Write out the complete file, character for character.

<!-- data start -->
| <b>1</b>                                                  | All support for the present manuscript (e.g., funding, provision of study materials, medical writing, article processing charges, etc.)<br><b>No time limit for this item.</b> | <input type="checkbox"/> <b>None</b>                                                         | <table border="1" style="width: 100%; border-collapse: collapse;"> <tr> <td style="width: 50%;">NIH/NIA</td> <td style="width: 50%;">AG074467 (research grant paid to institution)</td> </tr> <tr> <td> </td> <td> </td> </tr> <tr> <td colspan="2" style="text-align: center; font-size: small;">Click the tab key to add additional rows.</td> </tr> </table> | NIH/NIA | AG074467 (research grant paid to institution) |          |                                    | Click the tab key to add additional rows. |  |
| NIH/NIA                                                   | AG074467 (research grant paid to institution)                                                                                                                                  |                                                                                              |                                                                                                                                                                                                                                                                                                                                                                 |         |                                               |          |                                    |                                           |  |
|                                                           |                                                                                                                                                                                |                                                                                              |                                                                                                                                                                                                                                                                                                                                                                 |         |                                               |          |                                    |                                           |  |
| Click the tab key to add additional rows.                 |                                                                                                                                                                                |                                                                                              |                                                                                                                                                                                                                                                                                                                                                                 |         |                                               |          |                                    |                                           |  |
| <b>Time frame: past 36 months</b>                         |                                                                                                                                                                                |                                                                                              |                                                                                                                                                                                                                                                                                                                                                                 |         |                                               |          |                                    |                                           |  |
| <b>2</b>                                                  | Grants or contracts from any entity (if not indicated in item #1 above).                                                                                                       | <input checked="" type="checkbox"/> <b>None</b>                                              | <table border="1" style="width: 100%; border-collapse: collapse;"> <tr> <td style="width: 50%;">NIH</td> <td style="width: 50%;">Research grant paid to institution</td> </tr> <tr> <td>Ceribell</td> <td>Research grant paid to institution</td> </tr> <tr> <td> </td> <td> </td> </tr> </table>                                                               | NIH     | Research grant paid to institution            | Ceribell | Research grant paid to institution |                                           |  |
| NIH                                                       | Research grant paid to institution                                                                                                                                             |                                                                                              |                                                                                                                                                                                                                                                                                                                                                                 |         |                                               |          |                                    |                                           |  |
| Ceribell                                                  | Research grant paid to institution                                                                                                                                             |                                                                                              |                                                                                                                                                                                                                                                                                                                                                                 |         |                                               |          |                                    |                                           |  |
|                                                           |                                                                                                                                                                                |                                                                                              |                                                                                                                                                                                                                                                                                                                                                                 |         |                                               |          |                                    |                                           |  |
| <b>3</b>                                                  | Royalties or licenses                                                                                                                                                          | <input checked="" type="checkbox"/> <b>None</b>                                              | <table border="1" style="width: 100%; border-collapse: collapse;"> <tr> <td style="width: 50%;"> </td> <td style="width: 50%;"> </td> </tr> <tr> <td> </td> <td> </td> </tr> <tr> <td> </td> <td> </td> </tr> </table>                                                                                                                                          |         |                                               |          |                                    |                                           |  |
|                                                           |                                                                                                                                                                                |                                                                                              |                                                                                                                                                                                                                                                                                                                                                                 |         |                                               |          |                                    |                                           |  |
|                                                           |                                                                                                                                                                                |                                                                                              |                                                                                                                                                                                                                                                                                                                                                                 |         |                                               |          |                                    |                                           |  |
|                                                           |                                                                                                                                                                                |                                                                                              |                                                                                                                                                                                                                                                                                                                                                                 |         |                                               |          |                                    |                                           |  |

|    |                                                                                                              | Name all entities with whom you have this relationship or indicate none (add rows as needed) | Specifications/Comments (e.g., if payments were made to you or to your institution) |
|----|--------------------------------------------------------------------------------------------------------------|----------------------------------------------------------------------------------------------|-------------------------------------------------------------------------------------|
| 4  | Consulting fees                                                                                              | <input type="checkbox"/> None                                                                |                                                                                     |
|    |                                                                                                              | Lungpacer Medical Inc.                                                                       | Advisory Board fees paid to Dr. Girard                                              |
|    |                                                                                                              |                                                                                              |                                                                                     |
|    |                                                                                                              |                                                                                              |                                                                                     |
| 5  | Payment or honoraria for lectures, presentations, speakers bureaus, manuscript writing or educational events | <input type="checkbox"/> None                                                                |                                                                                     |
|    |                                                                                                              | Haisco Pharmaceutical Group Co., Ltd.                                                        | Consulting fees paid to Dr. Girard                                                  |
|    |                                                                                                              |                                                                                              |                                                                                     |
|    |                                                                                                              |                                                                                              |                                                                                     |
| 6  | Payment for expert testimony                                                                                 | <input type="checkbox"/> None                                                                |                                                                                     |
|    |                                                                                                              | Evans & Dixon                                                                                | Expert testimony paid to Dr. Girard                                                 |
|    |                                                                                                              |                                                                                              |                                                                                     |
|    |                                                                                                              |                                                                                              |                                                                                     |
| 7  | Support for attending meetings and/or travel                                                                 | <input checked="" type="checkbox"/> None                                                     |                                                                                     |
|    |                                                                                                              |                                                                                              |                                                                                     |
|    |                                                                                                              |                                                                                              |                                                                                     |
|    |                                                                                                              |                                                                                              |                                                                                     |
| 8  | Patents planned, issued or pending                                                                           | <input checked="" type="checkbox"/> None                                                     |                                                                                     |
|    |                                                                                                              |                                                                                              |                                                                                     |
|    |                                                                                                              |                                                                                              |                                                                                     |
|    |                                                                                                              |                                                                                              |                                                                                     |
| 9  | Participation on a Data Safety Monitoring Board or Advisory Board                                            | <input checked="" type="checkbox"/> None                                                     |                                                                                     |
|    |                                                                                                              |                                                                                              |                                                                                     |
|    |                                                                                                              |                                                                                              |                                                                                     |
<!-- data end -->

| <b>1</b>                                                  | All support for the present manuscript (e.g., funding, provision of study materials, medical writing, article processing charges, etc.)<br><b>No time limit for this item.</b> | <input type="checkbox"/> <b>None</b>                                                         | <table border="1" style="width: 100%; border-collapse: collapse;"> <tr> <td style="width: 50%;">NIH/NIA</td> <td style="width: 50%;">AG074467 (research grant paid to institution)</td> </tr> <tr> <td> </td> <td> </td> </tr> <tr> <td colspan="2" style="text-align: center; font-size: small;">Click the tab key to add additional rows.</td> </tr> </table> | NIH/NIA | AG074467 (research grant paid to institution) |          |                                    | Click the tab key to add additional rows. |  |
| NIH/NIA                                                   | AG074467 (research grant paid to institution)                                                                                                                                  |                                                                                              |                                                                                                                                                                                                                                                                                                                                                                 |         |                                               |          |                                    |                                           |  |
|                                                           |                                                                                                                                                                                |                                                                                              |                                                                                                                                                                                                                                                                                                                                                                 |         |                                               |          |                                    |                                           |  |
| Click the tab key to add additional rows.                 |                                                                                                                                                                                |                                                                                              |                                                                                                                                                                                                                                                                                                                                                                 |         |                                               |          |                                    |                                           |  |
| <b>Time frame: past 36 months</b>                         |                                                                                                                                                                                |                                                                                              |                                                                                                                                                                                                                                                                                                                                                                 |         |                                               |          |                                    |                                           |  |
| <b>2</b>                                                  | Grants or contracts from any entity (if not indicated in item #1 above).                                                                                                       | <input checked="" type="checkbox"/> <b>None</b>                                              | <table border="1" style="width: 100%; border-collapse: collapse;"> <tr> <td style="width: 50%;">NIH</td> <td style="width: 50%;">Research grant paid to institution</td> </tr> <tr> <td>Ceribell</td> <td>Research grant paid to institution</td> </tr> <tr> <td> </td> <td> </td> </tr> </table>                                                               | NIH     | Research grant paid to institution            | Ceribell | Research grant paid to institution |                                           |  |
| NIH                                                       | Research grant paid to institution                                                                                                                                             |                                                                                              |                                                                                                                                                                                                                                                                                                                                                                 |         |                                               |          |                                    |                                           |  |
| Ceribell                                                  | Research grant paid to institution                                                                                                                                             |                                                                                              |                                                                                                                                                                                                                                                                                                                                                                 |         |                                               |          |                                    |                                           |  |
|                                                           |                                                                                                                                                                                |                                                                                              |                                                                                                                                                                                                                                                                                                                                                                 |         |                                               |          |                                    |                                           |  |
| <b>3</b>                                                  | Royalties or licenses                                                                                                                                                          | <input checked="" type="checkbox"/> <b>None</b>                                              | <table border="1" style="width: 100%; border-collapse: collapse;"> <tr> <td style="width: 50%;"> </td> <td style="width: 50%;"> </td> </tr> <tr> <td> </td> <td> </td> </tr> <tr> <td> </td> <td> </td> </tr> </table>                                                                                                                                          |         |                                               |          |                                    |                                           |  |
|                                                           |                                                                                                                                                                                |                                                                                              |                                                                                                                                                                                                                                                                                                                                                                 |         |                                               |          |                                    |                                           |  |
|                                                           |                                                                                                                                                                                |                                                                                              |                                                                                                                                                                                                                                                                                                                                                                 |         |                                               |          |                                    |                                           |  |
|                                                           |                                                                                                                                                                                |                                                                                              |                                                                                                                                                                                                                                                                                                                                                                 |         |                                               |          |                                    |                                           |  |

|    |                                                                                                              | Name all entities with whom you have this relationship or indicate none (add rows as needed) | Specifications/Comments (e.g., if payments were made to you or to your institution) |
|----|--------------------------------------------------------------------------------------------------------------|----------------------------------------------------------------------------------------------|-------------------------------------------------------------------------------------|
| 4  | Consulting fees                                                                                              | <input type="checkbox"/> None                                                                |                                                                                     |
|    |                                                                                                              | Lungpacer Medical Inc.                                                                       | Advisory Board fees paid to Dr. Girard                                              |
|    |                                                                                                              |                                                                                              |                                                                                     |
|    |                                                                                                              |                                                                                              |                                                                                     |
| 5  | Payment or honoraria for lectures, presentations, speakers bureaus, manuscript writing or educational events | <input type="checkbox"/> None                                                                |                                                                                     |
|    |                                                                                                              | Haisco Pharmaceutical Group Co., Ltd.                                                        | Consulting fees paid to Dr. Girard                                                  |
|    |                                                                                                              |                                                                                              |                                                                                     |
|    |                                                                                                              |                                                                                              |                                                                                     |
| 6  | Payment for expert testimony                                                                                 | <input type="checkbox"/> None                                                                |                                                                                     |
|    |                                                                                                              | Evans & Dixon                                                                                | Expert testimony paid to Dr. Girard                                                 |
|    |                                                                                                              |                                                                                              |                                                                                     |
|    |                                                                                                              |                                                                                              |                                                                                     |
| 7  | Support for attending meetings and/or travel                                                                 | <input checked="" type="checkbox"/> None                                                     |                                                                                     |
|    |                                                                                                              |                                                                                              |                                                                                     |
|    |                                                                                                              |                                                                                              |                                                                                     |
|    |                                                                                                              |                                                                                              |                                                                                     |
| 8  | Patents planned, issued or pending                                                                           | <input checked="" type="checkbox"/> None                                                     |                                                                                     |
|    |                                                                                                              |                                                                                              |                                                                                     |
|    |                                                                                                              |                                                                                              |                                                                                     |
|    |                                                                                                              |                                                                                              |                                                                                     |
| 9  | Participation on a Data Safety Monitoring Board or Advisory Board                                            | <input checked="" type="checkbox"/> None                                                     |                                                                                     |
|    |                                                                                                              |                                                                                              |                                                                                     |
|    |                                                                                                              |                                                                                              |                                                                                     |